Nickel–Metal Hydride is one of the most advanced commercially available re­ chargeable systems and is an extension of the Ni-Cd battery. These batteries are mostly used in hybrid electric vehicles. Stanford R. Ovshinsky invented and pa­ tented this battery type in 1986 and was termed as “hydrogen ion” or “protonic” battery (as it involves the transfer and “insertion” of H+). This battery type is preferred as an environmentally friendly system due to the absence of Cd (a toxic element). The negative electrode is a hydrogen storage alloy, the positive electrode is nickel hydroxide (NiOOH), and the electrolyte is KOH. It works on the principle of absorption, release, and transport of hydrogen within the two electrodes. Overall net reaction is M + Ni(OH)2 ↔ MH + NiOOH (Figure 1.4). The advantages of this battery type are high energy storage cap­ ability (60–100 Wh/kg), as compared to Ni-Cd, and cell voltage is up to 1.2 V. Two disadvantages that need to be eliminated are poor low-temperature cap­ ability, high rate of self-discharge (>25% per month), and these vary with temperature.



Lithium batteries are best among all secondary batteries due to high specific energy, energy density, low self-discharge rate, and high cell voltage (3.2 V). John Goodenough, Stanley Whittingham, and Akira Yoshino were awarded the Nobel Prize in Chemistry for the developing lithium-ion battery (LIB). The commercial

Batteries and Supercapacitors


FIGURE 1.4 Schematic diagram of the electrochemical reaction process of a Ni-MH battery. For the charging process, the hydrogen atom dissociates from Ni(OH)2 and is ab­ sorbed by the MH alloy. For the discharge process, the hydrogen atom dissociates from the MH alloy and combines with NiOH to form Ni(OH)2 [Reproduced with permission from Feng et al 2001, Copyright Elsevier].

LIB was based on the lithium metal oxide cathode and carbon anode [Armand and Tarascon 2008]. In the charging process, lithium-ion is extracted from the cathode and moves to anode via the electrolyte. In the discharge process, lithium-ion is released from the anode toward the cathode. In both cases, the electron moves through the external circuit as the separator blocks the path of the electron (Figure 1.5). The general battery configuration comprises three components: cathode, anode, and electrolyte-cum-separator. The cathode (generally, LiCoO2) is coated on alu­ minum foil, and the anode (graphite) is coated on copper foil. The electrolyte is a mixture of lithium salt in organic solvents. Besides, a separator is used to separate the electrodes and is made up of polyethylene or propylene [Tarascon and Armand 2011] (Table 1.2). Important configurations are shown in Figure 1.6i. Figure 1.6ii shows the various structures of the commercial battery system.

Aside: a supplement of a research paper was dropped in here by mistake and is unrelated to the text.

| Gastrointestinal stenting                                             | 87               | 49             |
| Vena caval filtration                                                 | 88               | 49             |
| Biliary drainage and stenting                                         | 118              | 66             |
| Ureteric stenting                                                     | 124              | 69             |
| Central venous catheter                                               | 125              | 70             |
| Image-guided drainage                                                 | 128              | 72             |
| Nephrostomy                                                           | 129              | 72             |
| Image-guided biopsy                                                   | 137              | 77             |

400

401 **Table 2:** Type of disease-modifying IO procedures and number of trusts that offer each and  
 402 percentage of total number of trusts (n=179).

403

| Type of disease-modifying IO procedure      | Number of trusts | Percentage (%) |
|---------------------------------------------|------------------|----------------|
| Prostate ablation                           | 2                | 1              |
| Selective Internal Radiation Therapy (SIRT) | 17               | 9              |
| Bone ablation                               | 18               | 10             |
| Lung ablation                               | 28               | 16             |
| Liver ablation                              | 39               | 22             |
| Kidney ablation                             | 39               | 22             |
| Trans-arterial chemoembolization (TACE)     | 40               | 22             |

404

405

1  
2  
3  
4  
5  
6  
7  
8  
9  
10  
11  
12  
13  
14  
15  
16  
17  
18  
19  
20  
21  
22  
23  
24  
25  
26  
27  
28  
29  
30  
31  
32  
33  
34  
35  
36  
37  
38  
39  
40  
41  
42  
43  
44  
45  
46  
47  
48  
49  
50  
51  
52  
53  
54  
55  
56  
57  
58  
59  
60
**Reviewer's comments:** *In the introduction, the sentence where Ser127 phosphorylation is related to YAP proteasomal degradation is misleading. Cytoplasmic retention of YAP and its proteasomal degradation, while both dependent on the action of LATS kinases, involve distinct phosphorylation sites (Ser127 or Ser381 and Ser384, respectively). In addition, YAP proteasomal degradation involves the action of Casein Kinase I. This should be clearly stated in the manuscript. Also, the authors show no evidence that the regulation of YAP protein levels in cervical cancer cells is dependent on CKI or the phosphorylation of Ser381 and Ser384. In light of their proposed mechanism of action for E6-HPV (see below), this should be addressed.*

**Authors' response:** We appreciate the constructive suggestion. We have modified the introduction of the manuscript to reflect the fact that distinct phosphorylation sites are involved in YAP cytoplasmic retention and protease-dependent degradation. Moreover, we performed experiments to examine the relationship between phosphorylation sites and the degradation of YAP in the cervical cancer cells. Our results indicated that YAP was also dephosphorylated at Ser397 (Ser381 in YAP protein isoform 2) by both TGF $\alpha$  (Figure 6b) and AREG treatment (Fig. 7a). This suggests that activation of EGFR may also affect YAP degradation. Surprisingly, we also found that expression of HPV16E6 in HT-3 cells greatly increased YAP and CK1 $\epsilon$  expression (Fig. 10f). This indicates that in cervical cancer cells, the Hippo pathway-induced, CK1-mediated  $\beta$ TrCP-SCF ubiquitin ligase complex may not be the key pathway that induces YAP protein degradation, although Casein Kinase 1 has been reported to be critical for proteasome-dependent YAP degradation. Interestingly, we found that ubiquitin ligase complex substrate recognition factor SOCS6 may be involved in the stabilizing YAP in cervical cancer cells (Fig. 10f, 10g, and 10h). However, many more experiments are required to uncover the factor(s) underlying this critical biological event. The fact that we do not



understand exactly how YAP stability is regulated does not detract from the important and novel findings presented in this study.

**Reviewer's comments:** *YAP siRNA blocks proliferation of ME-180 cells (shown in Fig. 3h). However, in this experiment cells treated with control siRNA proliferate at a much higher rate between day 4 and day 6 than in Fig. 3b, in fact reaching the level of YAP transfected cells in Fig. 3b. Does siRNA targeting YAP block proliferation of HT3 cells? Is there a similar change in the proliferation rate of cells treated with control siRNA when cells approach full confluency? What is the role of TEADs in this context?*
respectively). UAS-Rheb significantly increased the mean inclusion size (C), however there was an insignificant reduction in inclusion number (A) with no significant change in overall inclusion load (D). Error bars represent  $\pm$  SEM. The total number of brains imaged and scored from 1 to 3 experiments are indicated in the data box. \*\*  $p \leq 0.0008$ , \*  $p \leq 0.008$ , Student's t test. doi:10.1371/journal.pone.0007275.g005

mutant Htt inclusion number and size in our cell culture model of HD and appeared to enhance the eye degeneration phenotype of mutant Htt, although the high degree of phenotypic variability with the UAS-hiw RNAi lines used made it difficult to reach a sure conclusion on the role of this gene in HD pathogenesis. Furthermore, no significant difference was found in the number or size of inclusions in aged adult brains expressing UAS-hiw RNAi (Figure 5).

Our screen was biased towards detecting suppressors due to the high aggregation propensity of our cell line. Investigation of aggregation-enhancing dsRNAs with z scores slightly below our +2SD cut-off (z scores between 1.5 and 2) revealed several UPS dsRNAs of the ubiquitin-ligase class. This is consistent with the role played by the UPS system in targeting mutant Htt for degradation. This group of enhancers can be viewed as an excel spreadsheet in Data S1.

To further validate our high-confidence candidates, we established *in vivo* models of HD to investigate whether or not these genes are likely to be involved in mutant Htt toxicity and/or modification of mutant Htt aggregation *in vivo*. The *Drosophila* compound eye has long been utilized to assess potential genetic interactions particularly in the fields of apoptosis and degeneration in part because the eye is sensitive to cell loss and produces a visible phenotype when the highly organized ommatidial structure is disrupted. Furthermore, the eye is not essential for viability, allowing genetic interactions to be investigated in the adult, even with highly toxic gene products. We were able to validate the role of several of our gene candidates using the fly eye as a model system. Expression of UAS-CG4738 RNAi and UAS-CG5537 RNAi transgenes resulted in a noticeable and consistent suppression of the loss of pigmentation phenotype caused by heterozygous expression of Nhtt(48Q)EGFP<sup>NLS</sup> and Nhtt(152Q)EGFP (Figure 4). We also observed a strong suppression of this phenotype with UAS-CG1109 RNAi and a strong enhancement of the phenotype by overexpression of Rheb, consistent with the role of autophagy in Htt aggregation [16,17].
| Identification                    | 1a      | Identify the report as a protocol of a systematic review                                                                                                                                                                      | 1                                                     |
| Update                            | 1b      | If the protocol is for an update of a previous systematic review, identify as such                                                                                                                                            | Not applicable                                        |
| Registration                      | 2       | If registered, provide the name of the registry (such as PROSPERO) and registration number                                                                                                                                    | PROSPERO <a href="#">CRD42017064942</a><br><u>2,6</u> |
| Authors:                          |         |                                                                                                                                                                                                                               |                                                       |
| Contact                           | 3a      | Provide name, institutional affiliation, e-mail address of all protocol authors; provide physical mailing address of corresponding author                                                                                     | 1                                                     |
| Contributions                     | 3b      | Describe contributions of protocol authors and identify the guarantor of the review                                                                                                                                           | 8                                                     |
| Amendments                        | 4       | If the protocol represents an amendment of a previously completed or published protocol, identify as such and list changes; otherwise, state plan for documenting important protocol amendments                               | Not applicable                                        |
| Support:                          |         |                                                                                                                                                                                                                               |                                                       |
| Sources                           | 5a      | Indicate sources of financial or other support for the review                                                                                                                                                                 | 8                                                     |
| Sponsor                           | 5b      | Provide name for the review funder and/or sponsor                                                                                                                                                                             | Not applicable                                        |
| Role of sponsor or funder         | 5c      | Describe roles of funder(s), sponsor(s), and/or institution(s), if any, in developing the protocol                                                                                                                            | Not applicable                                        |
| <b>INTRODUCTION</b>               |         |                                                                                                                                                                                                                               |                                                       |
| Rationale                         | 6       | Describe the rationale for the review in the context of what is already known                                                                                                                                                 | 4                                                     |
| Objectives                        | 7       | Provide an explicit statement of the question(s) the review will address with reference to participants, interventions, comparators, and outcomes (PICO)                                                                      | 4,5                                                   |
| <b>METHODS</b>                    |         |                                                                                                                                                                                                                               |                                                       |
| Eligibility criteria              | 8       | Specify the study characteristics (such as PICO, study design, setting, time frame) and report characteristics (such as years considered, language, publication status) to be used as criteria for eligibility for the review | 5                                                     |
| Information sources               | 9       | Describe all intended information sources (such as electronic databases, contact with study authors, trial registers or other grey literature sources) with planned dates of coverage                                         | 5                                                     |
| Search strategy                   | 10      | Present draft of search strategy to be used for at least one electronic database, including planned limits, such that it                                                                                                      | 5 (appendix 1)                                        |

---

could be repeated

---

The electrochemical analysis of the cathode material in Li-ion batteries sup­ ports the determination of various parameters of the device like specific


Energy Storage and Conversion Devices

FIGURE 1.5 Discharge and charge of Li-ion battery (Source: sivVector/

capacitances, energy density, power density, Coulombic efficiency, and con­ ductivity. The three-electrode and two-electrode systems are two popular systems to make electrochemical measurements. The electrochemical perfor­ mances of the cathode material were analyzed via EIS (electrochemical im­ pedance spectroscopy), CV (cyclic voltammetry), and GCD (galvanostatic charge/discharge) techniques.



Impedance spectroscopy is used to obtain the transport properties and dielectric properties. The real part of impedance (Z’) is linked to Rs and Rct as Z = Rs + Rct +



Here, Rs is Ohmic resistance, Rct is charge transfer resistance, and is the Warburg factor that is related to the diffusion coefficient of lithium-ion. The value of Ohmic resistance (Rs), charge transfer resistance (Rct), and low Rct value is evaluated, and low Rs and Rct suggest the high specific capacity and electronic conductivity. The diffusion coefficient of Li+ is estimated using equation 1.2 D=

R2T 2 2n4A2 F 4C 2 2


where R is the gas constant, T is the absolute temperature, A is the surface area of the cathode, n is the number of electrons per molecule during oxidization, F is the Faraday constant, and C is the concentration of lithium-ion for active electrode materials.

Batteries and Supercapacitors


TABLE 1.2 Advantages and Disadvantages of Different Battery Systems Battery type Lead-acid

Lithium-ion (Li-ion)

Nickel–Metal hydride (NiMH)

Nickel–Cadmium (Ni-Cd)

Advantages i. Mature technology ii. Worldwide production iii. Low material cost iv. No memory effect v. Low self-discharge rate vi. Relatively low capital cost i. Long cycle life ii. High round trip efficiency iii. Global R&D efforts iv. Relatively fast charging v. Highly reliable vi. Low discharge rates vii. Excellent energy/power density i. Modest initial cost ii. Acceptable energy/power density iii. Modest round-trip efficiency iv. Highly reliable v. Excellent safety record vi. Relatively fast charging vii. Eco-friendly materials viii. Low operational maintenance i. Comparatively low capital cost ii. Highly reliable iii. Mature technology iv. Superb safety record v. Wide operating temperatures vi. Relatively fast recharge vii. Excellent cycle life viii. Low operational maintenance

Disadvantages i. ii. iii. iv. v. vi. i. ii. ii. iv. v. i. ii. iii. iv.

Short cycle life Modest energy/power density Long charging time Safety issues (gas discharge) Temperature-sensitive output Poor reliability High capital cost Safety issues (thermal runaway) Material bottle concerns Poor recovery/recycling Advanced battery management systems required Higher self-discharge rate Memory effect Relatively short cycle life Poor recovery/recycling